In a world of low-sodium options and salt-free alternatives, salt is losing ground as the spice of life, but don't tell retired veteran Bill Waddell. There's a collection of salt and pepper shakers displayed prominently along an entire wall of his kitchen, commemorating a humble life of love that began with his mother, Elva.
As a young girl, Waddell's mother received a pair of ruby glass shakers from her grandfather after a visit to Watkins Glen. She held on to them over the years and when she came across a pair that was about to be thrown out at a local vintage shop, she added them to her ruby glass shakers. The pair quickly grew into Elva's personal collection.
"We came from a poor family and could not afford much, but she would find 50 cents every once in a while to buy another set," Waddell said.
Bill Waddell, of Jersey Shore, shows off some of his 400+ salt and pepper shakers in his collection.
Shown is a car which he said was his grandson Jonathan’s favorite.
Shown directly above is a salt and pepper shaker set from Brazil that was given to him by his uncle while serving in Merchant Marines.
It was a unique luxury for her to set aside a bit of money for little treasure hunts around Jersey Shore. Elva spent a great deal of her time in the kitchen, cooking for her family to the backdrop of the beloved salt and pepper shakers. She took pride in the collection that showcased quite the variety of housing options to deliver seasoning. The collection became a family affair and Waddell built two wooden cases as a teenager to display his mom's growing collection.
The pieces evolved from traditional glass sets to kitchen appliances, forest animals, fruits and vegetables, national landmarks and an assortment of animals. The creativity puts ordinary pairs into question. Why have a simple glass pair of salt and pepper shakers when there's a set that commemorates Smokey Bear? Family members brought back souvenirs from any and every vacation for Elva to commemorate in her collection.
In 1950, Waddell met the love of his life at the local skating rink.
"She was from Lock Haven, I was from Jersey Shore, and she wasn't suppose to be messing with boys, but next thing you know, we were married," Waddell said.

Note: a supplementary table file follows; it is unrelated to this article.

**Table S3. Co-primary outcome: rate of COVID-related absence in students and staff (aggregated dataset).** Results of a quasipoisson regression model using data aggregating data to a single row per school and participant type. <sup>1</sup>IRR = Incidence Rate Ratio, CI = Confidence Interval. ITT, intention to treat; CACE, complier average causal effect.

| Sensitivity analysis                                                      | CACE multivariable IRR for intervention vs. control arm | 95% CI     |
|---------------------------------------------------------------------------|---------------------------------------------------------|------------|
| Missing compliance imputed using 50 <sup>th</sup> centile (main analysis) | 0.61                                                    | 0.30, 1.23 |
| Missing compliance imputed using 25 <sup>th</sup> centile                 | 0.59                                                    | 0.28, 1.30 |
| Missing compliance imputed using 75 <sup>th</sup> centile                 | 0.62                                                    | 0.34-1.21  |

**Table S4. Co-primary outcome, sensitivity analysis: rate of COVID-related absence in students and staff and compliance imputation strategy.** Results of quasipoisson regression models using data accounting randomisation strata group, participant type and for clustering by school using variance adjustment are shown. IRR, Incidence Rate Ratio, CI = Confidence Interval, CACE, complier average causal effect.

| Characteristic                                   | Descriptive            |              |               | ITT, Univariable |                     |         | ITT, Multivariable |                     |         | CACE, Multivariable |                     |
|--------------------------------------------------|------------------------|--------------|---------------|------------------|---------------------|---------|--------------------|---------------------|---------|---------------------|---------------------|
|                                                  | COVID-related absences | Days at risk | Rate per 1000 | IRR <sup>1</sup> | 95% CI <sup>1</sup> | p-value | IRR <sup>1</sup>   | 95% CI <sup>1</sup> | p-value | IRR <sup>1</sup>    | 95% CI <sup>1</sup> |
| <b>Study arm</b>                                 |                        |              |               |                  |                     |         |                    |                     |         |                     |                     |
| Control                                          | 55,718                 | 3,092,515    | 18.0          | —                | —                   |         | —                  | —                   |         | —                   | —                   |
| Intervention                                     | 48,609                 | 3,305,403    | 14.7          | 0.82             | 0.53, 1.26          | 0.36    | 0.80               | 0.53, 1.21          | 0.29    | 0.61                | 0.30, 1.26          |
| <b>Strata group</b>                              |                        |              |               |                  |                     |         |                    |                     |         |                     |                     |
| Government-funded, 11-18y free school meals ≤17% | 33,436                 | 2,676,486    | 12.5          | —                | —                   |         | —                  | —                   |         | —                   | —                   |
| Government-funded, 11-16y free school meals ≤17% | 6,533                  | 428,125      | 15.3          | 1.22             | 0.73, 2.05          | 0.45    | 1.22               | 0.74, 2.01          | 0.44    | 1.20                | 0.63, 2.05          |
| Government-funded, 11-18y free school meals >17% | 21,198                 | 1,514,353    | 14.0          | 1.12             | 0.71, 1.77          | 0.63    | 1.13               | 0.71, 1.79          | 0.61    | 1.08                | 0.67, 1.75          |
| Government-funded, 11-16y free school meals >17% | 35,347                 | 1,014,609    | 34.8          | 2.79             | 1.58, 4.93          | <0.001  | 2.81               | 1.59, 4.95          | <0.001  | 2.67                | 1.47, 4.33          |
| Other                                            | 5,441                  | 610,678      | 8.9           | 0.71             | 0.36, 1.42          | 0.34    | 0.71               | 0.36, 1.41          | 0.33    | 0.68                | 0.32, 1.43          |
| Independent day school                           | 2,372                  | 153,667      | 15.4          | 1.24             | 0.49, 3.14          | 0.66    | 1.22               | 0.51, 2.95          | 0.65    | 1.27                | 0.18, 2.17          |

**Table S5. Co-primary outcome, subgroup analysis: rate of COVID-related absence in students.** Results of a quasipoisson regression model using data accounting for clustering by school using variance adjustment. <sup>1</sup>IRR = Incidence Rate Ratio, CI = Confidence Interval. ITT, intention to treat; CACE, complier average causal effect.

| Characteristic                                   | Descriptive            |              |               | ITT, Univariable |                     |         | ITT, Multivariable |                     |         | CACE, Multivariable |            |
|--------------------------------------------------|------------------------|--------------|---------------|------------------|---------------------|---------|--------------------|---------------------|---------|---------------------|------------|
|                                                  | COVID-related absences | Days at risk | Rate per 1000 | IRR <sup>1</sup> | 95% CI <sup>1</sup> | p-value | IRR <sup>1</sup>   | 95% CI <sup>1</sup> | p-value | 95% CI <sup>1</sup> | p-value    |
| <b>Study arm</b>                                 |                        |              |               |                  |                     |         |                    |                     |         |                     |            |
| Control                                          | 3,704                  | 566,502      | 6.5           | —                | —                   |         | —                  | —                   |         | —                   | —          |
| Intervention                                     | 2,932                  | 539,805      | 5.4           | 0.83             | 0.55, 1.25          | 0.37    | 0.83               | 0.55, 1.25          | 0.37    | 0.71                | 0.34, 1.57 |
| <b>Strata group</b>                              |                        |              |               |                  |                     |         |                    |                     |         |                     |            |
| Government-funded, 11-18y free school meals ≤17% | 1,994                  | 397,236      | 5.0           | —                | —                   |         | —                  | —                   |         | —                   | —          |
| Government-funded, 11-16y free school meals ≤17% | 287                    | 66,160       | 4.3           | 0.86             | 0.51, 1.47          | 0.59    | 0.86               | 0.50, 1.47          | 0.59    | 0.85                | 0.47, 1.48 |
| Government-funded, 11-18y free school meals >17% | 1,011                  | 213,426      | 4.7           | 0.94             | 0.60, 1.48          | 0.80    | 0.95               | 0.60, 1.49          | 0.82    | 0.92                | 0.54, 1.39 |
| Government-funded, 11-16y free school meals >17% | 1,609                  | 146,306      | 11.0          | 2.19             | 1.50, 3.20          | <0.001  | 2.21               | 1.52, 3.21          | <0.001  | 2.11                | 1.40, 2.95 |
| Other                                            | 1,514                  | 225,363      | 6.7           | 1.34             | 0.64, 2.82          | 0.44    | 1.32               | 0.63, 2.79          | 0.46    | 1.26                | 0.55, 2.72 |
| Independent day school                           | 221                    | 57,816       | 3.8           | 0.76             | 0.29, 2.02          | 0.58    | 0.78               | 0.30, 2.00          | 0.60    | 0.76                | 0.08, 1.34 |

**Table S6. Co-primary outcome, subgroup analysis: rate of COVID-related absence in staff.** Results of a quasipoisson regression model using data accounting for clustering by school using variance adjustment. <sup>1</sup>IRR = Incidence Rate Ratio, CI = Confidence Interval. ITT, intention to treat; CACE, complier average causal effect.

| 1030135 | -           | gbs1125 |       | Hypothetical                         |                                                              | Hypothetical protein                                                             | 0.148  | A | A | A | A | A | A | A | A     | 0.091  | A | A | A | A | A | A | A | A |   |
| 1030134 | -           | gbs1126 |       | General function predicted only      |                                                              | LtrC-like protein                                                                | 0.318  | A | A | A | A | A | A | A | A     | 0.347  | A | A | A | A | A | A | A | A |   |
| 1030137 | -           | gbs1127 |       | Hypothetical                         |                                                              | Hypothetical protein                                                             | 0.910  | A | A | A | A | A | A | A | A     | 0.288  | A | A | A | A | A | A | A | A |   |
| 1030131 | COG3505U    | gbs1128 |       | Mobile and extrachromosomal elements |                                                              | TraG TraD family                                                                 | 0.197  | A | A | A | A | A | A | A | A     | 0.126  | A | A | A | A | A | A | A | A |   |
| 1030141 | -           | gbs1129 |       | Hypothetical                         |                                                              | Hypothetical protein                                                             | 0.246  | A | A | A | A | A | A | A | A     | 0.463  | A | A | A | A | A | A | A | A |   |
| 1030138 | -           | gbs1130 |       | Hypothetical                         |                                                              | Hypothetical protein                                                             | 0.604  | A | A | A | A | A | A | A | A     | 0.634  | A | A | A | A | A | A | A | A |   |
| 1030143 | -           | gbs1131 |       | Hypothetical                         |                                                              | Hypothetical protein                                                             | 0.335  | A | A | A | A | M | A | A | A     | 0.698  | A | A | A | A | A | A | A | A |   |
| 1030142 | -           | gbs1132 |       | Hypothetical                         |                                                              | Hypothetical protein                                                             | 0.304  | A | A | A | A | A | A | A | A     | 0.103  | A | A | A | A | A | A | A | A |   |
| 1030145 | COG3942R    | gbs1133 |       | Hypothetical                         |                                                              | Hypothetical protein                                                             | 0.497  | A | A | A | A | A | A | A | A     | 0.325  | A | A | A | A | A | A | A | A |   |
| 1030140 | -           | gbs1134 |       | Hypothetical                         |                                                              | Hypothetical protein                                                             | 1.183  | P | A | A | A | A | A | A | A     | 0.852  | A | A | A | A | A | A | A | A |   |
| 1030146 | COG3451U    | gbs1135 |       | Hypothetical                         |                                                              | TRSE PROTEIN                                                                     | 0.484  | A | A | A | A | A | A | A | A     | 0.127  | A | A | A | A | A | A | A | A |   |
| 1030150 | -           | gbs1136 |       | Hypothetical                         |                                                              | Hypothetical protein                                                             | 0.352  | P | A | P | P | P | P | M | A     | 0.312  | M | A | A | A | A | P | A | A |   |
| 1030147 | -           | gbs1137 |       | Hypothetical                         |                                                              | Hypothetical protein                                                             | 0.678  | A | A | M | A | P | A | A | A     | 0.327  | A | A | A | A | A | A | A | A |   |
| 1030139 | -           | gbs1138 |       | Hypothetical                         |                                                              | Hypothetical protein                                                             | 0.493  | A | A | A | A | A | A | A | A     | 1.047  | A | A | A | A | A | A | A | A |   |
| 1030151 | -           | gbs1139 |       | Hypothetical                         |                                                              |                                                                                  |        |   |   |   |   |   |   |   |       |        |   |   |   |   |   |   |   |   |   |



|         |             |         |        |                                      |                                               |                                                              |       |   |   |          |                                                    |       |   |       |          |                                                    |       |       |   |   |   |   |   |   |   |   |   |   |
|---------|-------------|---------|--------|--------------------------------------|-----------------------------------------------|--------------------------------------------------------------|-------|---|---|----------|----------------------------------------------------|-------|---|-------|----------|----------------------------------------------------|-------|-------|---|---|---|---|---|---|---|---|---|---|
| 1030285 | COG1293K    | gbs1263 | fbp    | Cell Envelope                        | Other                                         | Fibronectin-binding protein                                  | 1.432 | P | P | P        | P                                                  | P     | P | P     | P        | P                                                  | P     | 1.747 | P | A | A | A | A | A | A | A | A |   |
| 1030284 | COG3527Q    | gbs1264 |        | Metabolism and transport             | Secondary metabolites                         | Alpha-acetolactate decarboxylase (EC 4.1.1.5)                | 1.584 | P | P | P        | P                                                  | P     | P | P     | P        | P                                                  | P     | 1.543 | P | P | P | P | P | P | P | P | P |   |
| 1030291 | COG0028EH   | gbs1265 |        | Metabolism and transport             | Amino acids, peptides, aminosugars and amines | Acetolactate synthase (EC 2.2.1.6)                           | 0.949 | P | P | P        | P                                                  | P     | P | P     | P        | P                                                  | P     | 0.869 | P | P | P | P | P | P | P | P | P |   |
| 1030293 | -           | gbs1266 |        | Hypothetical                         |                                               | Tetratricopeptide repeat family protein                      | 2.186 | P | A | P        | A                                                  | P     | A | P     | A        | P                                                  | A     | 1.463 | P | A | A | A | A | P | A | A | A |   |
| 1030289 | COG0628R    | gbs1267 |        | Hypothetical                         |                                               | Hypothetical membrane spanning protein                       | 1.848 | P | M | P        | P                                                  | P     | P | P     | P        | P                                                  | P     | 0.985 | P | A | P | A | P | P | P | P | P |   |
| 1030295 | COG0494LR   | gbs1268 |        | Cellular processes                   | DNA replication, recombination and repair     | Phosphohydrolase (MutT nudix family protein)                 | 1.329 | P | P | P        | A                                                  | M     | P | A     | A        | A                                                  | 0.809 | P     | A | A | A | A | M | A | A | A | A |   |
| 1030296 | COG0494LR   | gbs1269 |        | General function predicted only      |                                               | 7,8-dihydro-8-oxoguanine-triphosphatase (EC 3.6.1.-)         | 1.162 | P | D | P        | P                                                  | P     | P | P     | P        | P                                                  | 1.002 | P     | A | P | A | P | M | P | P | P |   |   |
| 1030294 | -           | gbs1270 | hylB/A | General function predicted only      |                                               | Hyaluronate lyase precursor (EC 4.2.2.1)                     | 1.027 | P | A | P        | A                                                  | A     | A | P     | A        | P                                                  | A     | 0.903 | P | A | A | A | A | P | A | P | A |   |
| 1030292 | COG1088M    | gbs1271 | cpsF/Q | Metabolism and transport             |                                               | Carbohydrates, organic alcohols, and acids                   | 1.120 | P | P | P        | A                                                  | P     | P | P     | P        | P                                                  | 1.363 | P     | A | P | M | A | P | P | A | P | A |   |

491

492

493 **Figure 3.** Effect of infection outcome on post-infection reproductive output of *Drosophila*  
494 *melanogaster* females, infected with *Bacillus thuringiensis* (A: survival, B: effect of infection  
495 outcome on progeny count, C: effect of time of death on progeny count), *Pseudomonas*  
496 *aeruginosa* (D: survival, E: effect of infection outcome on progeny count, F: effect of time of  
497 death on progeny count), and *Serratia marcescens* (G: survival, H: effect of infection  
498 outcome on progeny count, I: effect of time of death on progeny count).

Smitten at first sight, Dot was 15 and Waddell was 19, they wed at his family's home a month before he was deployed to Korea.
Growing up on welfare and food stamps, Dot knew how to prepare three meals for her new husband - fried potatoes, stewed tomatoes and candied beans - because that's what the government handed out on food stamps. While Waddell fought in the Korean War, Dot lived with his parents in Jersey Shore and Elva taught Dot to cook.
"She was the kind of cook that never measured anything, but just threw in this and that until it was just right," Waddell said of his mother's cooking style. "She was a fabulous cook."
Dot also began collecting with Elva, accompanying her on trips to the store and searching endlessly for an elusive ironing board set of salt and pepper shakers they had caught a glimpse of once, but never again.
When Elva passed in 1973, Dot could not bear to see the beloved collection dismantled. She coordinated a wall in her own kitchen and Waddell built additional wooden cases to display the family treasures. The legacy was passed and the collection continued to grow in the memory of Elva.
"We went to thrift stores, garage sales, even auctions, a lot of auctions. I knew all the auctioneers by name," Waddell said.
The shakers are organized by category. Even the mini pair of coffee pot shakers have their place on the wall, while the ruby glass shaker that started it all stays behind a glass buffet in the center of the kitchen.
"I've got a few," Waddell said of his collection. "There were 411 pairs at the last count."
At 83, Waddell hasn't actively collected since his wife passed in 2010, but the collection's prominent presence among pictures of children and grandchildren permeates throughout the house.
We are in the legacy that we leave behind and sometimes that legacy becomes the centerpiece of a household, which is the case in a quiet home just off Main Street in Jersey Shore.